Indian Top Court to Rule on Muslim Divorce With 3 Words

Men have to say 'talaq' 3 times and they're officially free; women say that's discriminatory
By Jenn Gidman,  Newser Staff
Posted May 11, 2017 12:40 PM CDT
India's Supreme Court to Look at Muslim 'Instant Divorce'
In this June 29, 2016 photo, an Indian Muslim woman sits with her mother as they listen to an activist from the Indian Muslim Women's Movement at their office in Mumbai, India.   (AP Photo/Rafiq Maqbool)

Although the Koran spells out how a Muslim couple's divorce should be handled—Islamic experts say it's to be spread out over three months so the couple can gauge if it's really the best decision—a more modern-day divorce tactic is now being examined by India's Supreme Court. That process, called a "triple talaq," involves a man simply saying the word "talaq" (meaning "divorce") three times for an instant severing of marital ties, per the BBC. But women's rights advocates say the practice is discriminatory and often leaves women abruptly abandoned, destitute, and without a place to stay, forcing many to return to their parents. The five-judge bench looking into whether the talaq practice is "fundamental" to practicing Islam runs the religious gamut, with a Hindu, a Sikh, a Christian, a Zoroastrian, and a Muslim on board to hear the combined petitions in the case.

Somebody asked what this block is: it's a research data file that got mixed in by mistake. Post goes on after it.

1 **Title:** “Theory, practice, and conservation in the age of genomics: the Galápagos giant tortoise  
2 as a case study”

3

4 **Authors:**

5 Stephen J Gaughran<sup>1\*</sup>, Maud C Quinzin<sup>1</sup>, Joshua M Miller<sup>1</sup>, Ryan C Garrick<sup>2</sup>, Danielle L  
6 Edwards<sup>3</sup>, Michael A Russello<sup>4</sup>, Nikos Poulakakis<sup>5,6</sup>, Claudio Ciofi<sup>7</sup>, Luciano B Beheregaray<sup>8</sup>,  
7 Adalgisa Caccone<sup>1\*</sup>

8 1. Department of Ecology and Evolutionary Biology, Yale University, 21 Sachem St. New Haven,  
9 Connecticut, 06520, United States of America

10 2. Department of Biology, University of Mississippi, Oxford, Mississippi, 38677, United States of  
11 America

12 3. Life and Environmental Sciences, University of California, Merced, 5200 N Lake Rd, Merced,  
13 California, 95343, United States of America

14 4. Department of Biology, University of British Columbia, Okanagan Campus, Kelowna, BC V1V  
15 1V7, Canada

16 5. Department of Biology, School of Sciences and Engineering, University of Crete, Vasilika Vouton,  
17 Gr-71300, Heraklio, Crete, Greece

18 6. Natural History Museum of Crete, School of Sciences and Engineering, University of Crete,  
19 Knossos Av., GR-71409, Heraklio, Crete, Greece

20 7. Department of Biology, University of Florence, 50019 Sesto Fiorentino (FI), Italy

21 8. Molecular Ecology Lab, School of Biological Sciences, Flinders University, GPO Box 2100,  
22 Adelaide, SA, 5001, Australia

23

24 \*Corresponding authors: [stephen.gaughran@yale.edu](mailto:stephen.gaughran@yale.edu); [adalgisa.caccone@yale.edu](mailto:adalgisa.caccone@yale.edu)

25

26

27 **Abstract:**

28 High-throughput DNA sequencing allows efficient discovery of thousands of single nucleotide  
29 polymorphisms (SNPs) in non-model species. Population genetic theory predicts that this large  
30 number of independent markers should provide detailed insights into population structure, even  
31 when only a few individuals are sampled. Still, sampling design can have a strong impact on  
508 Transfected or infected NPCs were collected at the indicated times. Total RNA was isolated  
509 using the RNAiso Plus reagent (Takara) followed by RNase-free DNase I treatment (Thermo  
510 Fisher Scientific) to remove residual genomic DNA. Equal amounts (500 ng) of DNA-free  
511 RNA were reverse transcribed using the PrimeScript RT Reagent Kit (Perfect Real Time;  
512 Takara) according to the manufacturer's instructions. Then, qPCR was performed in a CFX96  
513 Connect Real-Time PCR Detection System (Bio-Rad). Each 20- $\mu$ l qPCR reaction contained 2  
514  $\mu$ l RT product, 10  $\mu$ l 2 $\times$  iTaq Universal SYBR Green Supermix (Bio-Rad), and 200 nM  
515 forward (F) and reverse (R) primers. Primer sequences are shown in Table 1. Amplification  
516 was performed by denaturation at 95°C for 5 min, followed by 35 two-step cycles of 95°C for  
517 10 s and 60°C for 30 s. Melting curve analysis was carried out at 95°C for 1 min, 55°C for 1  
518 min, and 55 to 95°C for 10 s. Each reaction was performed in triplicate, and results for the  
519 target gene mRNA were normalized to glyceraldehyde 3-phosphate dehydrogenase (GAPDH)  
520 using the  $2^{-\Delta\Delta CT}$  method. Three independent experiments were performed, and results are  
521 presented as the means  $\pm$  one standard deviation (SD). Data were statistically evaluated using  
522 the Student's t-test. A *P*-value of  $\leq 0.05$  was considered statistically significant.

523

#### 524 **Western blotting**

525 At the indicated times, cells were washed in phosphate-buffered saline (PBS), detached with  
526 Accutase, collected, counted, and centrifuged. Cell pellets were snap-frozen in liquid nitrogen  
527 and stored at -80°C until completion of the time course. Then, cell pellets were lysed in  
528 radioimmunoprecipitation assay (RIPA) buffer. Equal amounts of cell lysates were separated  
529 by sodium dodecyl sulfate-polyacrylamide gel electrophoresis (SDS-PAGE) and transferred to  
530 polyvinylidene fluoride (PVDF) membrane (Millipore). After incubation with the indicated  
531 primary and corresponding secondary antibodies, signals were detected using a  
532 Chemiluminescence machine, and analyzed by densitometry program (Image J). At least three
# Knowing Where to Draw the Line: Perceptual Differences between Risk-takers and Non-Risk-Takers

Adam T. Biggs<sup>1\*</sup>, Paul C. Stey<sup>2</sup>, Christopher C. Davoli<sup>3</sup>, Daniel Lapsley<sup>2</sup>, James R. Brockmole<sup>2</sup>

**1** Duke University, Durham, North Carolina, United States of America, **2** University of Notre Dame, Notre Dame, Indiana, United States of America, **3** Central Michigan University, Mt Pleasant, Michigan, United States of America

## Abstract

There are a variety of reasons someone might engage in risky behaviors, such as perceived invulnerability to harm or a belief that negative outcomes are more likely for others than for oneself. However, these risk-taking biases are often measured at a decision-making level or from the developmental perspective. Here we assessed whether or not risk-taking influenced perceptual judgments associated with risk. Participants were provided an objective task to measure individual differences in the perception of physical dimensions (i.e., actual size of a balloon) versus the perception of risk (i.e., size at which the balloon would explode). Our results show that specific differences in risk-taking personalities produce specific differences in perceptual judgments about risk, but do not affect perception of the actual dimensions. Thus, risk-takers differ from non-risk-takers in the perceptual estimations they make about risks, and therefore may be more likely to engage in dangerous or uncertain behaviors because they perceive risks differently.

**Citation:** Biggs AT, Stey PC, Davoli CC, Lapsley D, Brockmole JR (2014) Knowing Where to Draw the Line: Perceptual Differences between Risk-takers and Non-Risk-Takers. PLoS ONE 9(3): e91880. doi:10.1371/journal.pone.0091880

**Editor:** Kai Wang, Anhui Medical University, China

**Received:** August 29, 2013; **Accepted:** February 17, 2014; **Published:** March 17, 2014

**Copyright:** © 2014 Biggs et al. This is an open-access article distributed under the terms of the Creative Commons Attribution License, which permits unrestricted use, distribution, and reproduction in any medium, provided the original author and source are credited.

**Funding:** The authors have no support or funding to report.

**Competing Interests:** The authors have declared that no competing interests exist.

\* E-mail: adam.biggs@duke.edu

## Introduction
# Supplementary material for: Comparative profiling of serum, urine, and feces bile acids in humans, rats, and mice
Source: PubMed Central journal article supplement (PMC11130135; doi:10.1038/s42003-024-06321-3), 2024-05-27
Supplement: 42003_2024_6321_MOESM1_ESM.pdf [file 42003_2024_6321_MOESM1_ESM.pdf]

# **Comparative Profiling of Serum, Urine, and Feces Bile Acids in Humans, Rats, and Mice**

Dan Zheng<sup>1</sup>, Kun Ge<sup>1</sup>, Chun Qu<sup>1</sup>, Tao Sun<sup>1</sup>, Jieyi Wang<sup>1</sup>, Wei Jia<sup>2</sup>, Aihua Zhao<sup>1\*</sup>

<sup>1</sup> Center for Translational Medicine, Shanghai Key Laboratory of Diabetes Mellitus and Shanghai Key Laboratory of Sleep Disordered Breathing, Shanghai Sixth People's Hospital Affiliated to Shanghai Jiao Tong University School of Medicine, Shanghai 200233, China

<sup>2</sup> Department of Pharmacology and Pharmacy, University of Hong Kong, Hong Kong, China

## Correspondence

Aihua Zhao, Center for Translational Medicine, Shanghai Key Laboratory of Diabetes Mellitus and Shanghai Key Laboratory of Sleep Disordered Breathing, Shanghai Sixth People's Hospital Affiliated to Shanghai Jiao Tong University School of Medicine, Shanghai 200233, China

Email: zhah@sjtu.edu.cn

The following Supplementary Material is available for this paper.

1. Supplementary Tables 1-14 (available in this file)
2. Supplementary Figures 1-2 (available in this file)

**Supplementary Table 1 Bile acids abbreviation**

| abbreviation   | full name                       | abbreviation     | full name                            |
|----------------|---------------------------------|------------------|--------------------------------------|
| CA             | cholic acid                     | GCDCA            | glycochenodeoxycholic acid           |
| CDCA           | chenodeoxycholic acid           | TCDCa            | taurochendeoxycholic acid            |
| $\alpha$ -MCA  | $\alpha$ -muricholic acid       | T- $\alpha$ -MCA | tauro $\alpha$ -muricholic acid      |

The practice, which experts say doesn't explicitly appear in the Koran or in Sharia law, has been banned in many other Muslim countries, but it's still going strong in India, where Muslims make up the country's largest minority. One of the court petitioners, a 35-year-old mom who says the practice treats women like "chattels," says she got a letter from her husband announcing they were done while she was visiting her parents. That incident also underscores that men aren't just saying the phrase in person—they're also ending things via texts, phone calls, even Facebook and Skype. One thing the court won't be ruling on, even if it determines the divorce mantra is invalid: polygamy, which it says it won't interfere with, the Times of India reports. The hearings are set to be completed by May 19. (A text exchange between a Muslim teen and her dad is more inspiring.)

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